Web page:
As the perfect storm buffets our foundations, there is still much shaking ahead.
In this post, we cite how the slow fade of casual Christianity in North America, and its
relationship to the economic reset of United Methodism, will ultimately work for our good.
As early as 2011, Dr. Lovett Weems was sounding the alarm in regard to the coming death
tsunami in the United Methodist Church. Several articles were published around that time
regarding his sobering predictions of the future.
In the midst of the perfect storm, Dr. Weems predictions are beginning to come to pass. Within
the last six months, the United Methodist Church announced an eighteen percent cut in its
denominational budget, with an awareness of possible additional cuts looming in the future.
Today, the average age of a United Methodist across North America is 57 years old. We face the
endemic challenge of missing generations as a denomination. As the prevailing winds of the
perfect storm blow, take the following facts into consideration:
“Only 45 percent of those raised in the Mainline Protestant tradition remain in Mainline
churches. Those whose parents and grandparents were mainline Protestants aren’t
carrying on the family tradition like those who align with other Protestant
denominations. Since members of these churches are not gaining new members from the
culture at-large, nor growing by birth rates, they continue to decline precipitously.”
As mainline Christianity declines precipitously, the decline is related to an additional reality
buffeting our foundations: The decline of casual Christianity.
Statistically, casual Christianity is a dying expression in North America. In describing the erosion
of the Christian middle, one researcher states:
“We are not seeing the death of Christianity in America, but we are seeing remarkable
changes. Culture is shifting and the religious landscape is evolving. But, instead of the
funeral of a religion, at least in part we are witnessing the demise of casual and cultural
Christianity. And that is not necessarily a bad thing.”
Casual Christianity, or the Christian middle, is often a pseudonym for acculturated Christianity.
There was a day in western culture when the general values of the mainline church were the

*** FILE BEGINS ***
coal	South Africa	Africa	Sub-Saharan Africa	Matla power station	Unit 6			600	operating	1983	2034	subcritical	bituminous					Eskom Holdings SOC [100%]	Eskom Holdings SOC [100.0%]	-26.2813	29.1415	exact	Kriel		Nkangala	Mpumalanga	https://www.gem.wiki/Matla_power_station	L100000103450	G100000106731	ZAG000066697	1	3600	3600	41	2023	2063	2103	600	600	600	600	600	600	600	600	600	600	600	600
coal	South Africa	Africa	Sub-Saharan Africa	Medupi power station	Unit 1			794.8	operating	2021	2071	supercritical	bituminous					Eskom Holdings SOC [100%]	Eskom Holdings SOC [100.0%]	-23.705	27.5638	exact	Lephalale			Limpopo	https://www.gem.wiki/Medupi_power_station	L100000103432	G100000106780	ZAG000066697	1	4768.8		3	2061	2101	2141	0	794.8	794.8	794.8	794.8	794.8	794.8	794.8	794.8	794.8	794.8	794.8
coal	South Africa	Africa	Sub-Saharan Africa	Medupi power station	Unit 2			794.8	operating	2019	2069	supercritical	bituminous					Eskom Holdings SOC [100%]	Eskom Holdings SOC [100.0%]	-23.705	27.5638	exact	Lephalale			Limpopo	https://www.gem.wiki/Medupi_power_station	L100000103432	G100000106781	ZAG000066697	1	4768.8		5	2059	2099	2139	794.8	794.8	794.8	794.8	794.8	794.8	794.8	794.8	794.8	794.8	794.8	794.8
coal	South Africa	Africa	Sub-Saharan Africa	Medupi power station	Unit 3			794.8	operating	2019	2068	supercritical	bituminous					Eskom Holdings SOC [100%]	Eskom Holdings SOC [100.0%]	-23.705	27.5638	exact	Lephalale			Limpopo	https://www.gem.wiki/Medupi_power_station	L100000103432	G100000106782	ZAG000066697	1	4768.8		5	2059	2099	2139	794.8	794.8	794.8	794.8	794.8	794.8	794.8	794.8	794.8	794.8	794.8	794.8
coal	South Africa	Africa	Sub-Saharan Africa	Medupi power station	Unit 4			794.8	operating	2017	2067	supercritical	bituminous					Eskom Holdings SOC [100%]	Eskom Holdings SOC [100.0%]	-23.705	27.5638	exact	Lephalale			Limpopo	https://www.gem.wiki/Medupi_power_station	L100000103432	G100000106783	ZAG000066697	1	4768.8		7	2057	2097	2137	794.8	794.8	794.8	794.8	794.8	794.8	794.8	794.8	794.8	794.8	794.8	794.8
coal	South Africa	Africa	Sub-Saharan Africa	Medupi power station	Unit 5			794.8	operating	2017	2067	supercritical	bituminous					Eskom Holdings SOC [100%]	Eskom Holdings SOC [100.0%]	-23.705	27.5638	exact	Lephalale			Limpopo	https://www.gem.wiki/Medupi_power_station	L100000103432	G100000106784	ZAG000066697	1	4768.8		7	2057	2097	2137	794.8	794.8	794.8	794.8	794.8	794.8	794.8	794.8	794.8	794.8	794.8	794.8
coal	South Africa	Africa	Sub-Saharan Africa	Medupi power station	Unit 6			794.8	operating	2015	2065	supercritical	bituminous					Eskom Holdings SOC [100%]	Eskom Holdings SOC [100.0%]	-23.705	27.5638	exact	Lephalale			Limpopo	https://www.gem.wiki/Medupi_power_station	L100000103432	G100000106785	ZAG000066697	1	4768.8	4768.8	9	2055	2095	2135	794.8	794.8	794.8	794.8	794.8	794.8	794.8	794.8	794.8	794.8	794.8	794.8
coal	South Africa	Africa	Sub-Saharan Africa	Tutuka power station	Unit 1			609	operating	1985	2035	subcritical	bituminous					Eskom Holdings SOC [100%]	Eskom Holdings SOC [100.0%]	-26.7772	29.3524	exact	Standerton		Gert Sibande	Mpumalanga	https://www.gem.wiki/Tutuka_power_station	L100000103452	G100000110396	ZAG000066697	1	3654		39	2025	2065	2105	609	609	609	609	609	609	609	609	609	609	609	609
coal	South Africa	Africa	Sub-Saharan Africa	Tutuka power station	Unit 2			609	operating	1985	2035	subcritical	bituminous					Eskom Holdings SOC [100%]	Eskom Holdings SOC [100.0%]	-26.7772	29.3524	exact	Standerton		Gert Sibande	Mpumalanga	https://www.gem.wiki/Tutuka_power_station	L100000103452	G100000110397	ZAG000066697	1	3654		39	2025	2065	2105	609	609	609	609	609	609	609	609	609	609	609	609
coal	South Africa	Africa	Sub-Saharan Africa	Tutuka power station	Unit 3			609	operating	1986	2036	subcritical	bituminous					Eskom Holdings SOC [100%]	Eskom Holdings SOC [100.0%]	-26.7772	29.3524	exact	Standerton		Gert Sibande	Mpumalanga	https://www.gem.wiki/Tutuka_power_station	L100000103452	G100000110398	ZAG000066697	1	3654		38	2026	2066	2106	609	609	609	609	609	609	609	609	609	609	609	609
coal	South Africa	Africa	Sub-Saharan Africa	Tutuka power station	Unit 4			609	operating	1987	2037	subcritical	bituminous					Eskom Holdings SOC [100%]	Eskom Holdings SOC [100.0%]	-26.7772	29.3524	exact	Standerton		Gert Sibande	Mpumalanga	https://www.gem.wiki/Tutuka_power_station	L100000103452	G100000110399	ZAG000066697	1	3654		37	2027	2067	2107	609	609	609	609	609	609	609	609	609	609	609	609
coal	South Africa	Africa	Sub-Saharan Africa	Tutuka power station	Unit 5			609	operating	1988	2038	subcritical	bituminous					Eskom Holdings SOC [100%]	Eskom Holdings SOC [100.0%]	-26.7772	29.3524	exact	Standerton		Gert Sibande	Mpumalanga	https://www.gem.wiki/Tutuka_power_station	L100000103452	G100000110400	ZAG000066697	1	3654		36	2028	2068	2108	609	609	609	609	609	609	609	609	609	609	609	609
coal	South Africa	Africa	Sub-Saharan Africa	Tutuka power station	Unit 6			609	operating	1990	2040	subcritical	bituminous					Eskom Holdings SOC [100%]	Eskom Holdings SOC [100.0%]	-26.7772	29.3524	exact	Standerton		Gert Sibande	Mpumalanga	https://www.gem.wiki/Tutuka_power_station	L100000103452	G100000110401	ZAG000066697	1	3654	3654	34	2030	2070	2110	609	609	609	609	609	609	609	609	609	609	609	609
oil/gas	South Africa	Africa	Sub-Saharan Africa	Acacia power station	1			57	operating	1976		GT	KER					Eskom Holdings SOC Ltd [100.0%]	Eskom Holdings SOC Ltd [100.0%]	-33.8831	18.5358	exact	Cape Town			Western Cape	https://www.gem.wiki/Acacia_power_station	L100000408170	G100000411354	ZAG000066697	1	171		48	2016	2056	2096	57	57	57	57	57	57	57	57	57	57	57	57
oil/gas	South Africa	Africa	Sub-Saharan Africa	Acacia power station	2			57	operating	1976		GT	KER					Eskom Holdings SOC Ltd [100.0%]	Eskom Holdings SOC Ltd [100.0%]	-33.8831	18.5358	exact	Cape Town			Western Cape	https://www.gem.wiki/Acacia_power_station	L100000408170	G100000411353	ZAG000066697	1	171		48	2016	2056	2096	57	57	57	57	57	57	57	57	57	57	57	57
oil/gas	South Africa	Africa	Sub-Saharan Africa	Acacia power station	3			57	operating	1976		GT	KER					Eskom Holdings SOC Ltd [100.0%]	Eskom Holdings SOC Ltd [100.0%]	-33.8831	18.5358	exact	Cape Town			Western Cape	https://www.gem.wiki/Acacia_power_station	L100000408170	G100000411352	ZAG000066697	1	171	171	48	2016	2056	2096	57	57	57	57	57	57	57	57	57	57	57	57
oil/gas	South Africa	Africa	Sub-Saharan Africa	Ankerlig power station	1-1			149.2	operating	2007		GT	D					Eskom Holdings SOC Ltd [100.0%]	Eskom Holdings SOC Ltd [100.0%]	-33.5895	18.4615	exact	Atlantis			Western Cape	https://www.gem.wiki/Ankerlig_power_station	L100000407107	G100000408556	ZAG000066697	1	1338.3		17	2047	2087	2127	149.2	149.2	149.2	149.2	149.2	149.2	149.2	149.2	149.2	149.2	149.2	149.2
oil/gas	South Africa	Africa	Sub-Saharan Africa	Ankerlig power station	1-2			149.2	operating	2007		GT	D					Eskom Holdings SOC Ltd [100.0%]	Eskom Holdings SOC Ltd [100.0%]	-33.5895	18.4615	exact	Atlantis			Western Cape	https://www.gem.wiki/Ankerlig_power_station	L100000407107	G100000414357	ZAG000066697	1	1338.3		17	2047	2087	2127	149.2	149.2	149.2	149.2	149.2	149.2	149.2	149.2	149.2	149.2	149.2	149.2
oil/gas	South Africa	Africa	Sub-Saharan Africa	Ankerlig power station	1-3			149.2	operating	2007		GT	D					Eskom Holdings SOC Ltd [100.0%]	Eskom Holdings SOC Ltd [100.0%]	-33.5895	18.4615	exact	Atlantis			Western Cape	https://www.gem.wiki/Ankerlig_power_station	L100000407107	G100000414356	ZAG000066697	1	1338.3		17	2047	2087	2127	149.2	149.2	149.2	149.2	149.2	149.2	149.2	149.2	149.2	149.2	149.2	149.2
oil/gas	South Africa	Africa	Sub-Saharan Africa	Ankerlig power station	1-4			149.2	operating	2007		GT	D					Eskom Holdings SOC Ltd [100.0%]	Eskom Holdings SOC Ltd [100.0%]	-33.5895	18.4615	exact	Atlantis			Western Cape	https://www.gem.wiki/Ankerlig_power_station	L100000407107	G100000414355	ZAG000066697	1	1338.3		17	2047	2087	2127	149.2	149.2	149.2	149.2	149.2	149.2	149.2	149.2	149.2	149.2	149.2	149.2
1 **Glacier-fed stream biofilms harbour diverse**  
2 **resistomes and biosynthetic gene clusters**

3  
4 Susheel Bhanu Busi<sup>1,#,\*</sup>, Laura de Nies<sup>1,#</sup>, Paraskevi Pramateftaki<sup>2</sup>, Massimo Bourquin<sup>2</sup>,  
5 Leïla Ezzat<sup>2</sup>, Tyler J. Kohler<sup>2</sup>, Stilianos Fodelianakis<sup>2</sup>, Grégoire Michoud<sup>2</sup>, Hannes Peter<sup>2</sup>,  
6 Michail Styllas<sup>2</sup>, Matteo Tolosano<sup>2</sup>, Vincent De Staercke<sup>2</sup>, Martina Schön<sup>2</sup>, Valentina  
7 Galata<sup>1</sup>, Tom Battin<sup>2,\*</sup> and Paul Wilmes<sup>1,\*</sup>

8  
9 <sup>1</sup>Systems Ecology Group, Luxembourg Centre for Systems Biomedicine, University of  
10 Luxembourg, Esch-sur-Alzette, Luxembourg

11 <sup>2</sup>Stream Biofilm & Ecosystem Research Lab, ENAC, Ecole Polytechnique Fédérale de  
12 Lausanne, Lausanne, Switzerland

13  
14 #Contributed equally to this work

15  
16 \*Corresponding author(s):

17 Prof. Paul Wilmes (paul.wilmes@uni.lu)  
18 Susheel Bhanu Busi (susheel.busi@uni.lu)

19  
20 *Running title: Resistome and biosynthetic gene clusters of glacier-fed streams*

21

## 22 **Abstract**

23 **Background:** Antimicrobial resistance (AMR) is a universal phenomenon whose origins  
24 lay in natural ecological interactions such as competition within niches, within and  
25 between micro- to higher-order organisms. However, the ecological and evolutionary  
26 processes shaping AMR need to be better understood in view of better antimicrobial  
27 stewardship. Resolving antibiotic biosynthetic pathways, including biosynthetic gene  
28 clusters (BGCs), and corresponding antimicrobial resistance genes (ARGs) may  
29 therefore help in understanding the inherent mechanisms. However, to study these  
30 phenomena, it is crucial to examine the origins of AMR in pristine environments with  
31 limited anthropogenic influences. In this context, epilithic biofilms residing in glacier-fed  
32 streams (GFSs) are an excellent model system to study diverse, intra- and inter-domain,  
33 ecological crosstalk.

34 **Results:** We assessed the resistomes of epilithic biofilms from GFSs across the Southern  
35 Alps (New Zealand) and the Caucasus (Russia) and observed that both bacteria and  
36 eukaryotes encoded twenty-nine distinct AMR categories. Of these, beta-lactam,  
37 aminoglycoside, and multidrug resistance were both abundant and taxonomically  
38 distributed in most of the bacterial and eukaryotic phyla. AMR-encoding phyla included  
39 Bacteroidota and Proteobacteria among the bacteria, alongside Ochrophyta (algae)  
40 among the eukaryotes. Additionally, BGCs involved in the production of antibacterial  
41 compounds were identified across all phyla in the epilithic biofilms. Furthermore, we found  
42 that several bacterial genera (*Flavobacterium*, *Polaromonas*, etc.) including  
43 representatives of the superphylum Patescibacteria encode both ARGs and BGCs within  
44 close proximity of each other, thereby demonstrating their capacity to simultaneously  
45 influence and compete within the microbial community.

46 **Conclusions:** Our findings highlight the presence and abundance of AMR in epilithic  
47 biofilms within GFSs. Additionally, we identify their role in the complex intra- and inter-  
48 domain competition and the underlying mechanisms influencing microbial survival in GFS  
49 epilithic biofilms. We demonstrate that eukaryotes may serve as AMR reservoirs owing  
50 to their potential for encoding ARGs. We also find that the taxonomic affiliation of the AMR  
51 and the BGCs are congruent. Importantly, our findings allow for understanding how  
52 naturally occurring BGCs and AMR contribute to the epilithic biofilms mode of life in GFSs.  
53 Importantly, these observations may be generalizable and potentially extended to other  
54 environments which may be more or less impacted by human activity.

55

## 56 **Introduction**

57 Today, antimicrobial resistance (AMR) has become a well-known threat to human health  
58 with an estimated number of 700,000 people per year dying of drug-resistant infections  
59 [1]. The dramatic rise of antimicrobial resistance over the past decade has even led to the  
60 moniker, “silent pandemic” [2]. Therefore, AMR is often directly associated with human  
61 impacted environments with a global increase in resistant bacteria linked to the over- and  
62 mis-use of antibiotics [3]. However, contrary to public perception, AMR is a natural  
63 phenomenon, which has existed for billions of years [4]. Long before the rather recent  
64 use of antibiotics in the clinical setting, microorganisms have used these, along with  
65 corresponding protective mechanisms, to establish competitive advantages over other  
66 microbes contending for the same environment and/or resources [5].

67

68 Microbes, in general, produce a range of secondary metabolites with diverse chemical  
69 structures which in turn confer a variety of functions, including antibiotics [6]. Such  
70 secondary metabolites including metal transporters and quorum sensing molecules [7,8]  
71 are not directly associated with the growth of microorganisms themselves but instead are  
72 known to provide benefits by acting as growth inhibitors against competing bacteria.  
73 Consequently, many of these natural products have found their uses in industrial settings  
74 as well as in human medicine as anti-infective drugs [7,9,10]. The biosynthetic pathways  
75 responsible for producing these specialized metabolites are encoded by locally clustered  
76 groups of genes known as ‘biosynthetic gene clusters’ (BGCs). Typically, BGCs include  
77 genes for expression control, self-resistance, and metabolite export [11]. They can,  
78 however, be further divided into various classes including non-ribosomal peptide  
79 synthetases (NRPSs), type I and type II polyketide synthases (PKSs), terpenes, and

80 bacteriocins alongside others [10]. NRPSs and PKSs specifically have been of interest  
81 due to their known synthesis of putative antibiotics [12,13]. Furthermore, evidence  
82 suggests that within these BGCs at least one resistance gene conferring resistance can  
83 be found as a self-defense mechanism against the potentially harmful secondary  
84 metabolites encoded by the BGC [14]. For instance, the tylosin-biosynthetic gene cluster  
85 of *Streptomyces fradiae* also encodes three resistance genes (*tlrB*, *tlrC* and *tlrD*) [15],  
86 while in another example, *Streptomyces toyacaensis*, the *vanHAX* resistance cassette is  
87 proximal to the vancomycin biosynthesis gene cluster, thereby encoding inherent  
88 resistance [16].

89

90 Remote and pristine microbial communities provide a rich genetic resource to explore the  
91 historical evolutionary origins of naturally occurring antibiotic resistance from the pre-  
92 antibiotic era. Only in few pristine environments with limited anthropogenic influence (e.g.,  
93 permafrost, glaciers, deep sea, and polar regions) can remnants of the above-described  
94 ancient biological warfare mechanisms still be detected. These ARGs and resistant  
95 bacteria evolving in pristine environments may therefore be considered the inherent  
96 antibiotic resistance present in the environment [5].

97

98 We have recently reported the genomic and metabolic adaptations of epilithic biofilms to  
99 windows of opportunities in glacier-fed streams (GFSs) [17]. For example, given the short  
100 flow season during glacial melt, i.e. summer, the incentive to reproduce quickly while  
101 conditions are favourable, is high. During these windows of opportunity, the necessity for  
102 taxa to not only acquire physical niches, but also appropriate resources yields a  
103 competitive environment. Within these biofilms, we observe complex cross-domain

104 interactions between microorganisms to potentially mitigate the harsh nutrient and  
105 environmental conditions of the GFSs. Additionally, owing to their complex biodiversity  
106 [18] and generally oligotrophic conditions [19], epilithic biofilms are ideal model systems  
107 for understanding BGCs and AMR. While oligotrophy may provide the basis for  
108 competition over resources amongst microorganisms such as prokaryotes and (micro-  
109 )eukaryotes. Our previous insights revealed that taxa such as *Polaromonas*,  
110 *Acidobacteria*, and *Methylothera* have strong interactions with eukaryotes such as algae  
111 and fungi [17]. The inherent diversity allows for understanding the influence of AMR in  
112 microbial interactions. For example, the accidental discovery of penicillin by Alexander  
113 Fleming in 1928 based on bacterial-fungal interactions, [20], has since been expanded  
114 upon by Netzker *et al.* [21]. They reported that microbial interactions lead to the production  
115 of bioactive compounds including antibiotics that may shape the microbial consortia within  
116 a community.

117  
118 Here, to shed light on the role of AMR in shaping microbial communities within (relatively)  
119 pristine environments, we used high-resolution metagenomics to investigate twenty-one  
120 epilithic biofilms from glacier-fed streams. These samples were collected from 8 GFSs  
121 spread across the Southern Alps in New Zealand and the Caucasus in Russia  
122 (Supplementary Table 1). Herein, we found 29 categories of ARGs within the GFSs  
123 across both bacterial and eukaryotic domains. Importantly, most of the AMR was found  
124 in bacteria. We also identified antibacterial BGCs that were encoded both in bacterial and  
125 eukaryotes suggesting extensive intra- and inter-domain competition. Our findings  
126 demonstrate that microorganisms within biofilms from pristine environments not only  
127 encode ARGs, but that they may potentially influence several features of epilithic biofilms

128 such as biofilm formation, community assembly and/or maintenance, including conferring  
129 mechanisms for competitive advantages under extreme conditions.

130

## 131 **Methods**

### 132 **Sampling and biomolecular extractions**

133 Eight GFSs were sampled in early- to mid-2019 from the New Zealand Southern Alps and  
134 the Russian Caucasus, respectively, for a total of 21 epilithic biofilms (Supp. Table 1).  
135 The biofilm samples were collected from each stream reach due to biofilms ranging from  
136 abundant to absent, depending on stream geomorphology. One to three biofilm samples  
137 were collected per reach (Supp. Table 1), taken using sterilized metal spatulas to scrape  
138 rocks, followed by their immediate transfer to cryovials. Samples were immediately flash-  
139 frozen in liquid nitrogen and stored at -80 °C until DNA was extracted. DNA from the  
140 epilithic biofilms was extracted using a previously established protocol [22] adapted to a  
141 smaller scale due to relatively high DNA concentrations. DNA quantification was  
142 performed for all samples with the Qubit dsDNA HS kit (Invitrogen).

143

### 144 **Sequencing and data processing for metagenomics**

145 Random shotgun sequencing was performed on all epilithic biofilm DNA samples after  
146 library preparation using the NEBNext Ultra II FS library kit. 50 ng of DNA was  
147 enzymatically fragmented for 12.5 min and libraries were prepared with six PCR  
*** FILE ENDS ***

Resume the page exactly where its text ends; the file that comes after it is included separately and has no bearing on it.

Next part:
general values of the surrounding culture. This is sometimes referred to as acculturation. The
United Methodist Church, along with other mainline expressions of Christianity, had been able to
thrive in the atmosphere of the Christian middle for decades. That day is fading. There are now
other factors buffeting our shores that undercut previous assumptions and paradigms. We are not
in Kansas anymore.
Much of our United Methodist bureaucracy is designed for a by-gone era. This bureaucracy is
not designed to equip and support the church for effectiveness in reaching a post-Christian
culture. With the impending economic crises before us, characterized by declining mainline
Methodism, and the coming mitosis of the United Methodist Church, an economic recalibration
This economic crisis of the perfect storm will force us to think much leaner fiscally, and with a
greater critical eye toward what is essential and effective. As a future Methodism navigates the
changing landscape of post-Christian America, embracing more of what is essential and effective
will ultimately work for our good.
Many of the tenets which North American United Methodism was built upon in the past 50 years
will not be what she can be built upon in the coming years. We are in the early stages of systemic
change brought on by the perfect storm. And the perfect storm will work for our good, because
without true systemic change, we will remain paralyzed by an inability to adapt for what’s
needed for a new day.
Our next post will focus the fourth expression of the perfect storm: The Grossly Underestimated
Influence of the African Church and the Global South on North America and its Effects on
the Future of Methodism.
Paul Lawler is the Lead-Pastor of Christ Church UMC. He and his wife, MJ, have four
children and one daughter-in-law. In addition to serving as a pastor, Paul and his
brother, Dallas area businessman, Patrick Lawler, founded two Patricia B. Hammonds
Homes for orphans at high risk for human trafficking in Thailand. The homes are
operated through the international ministry of the Compassionate Hope Foundation.
Paul also serves on the boards of The Wellhouse, New Water Farms, and the East Lake
Initiative. He often tweets Kingdom thoughts at @plawler111.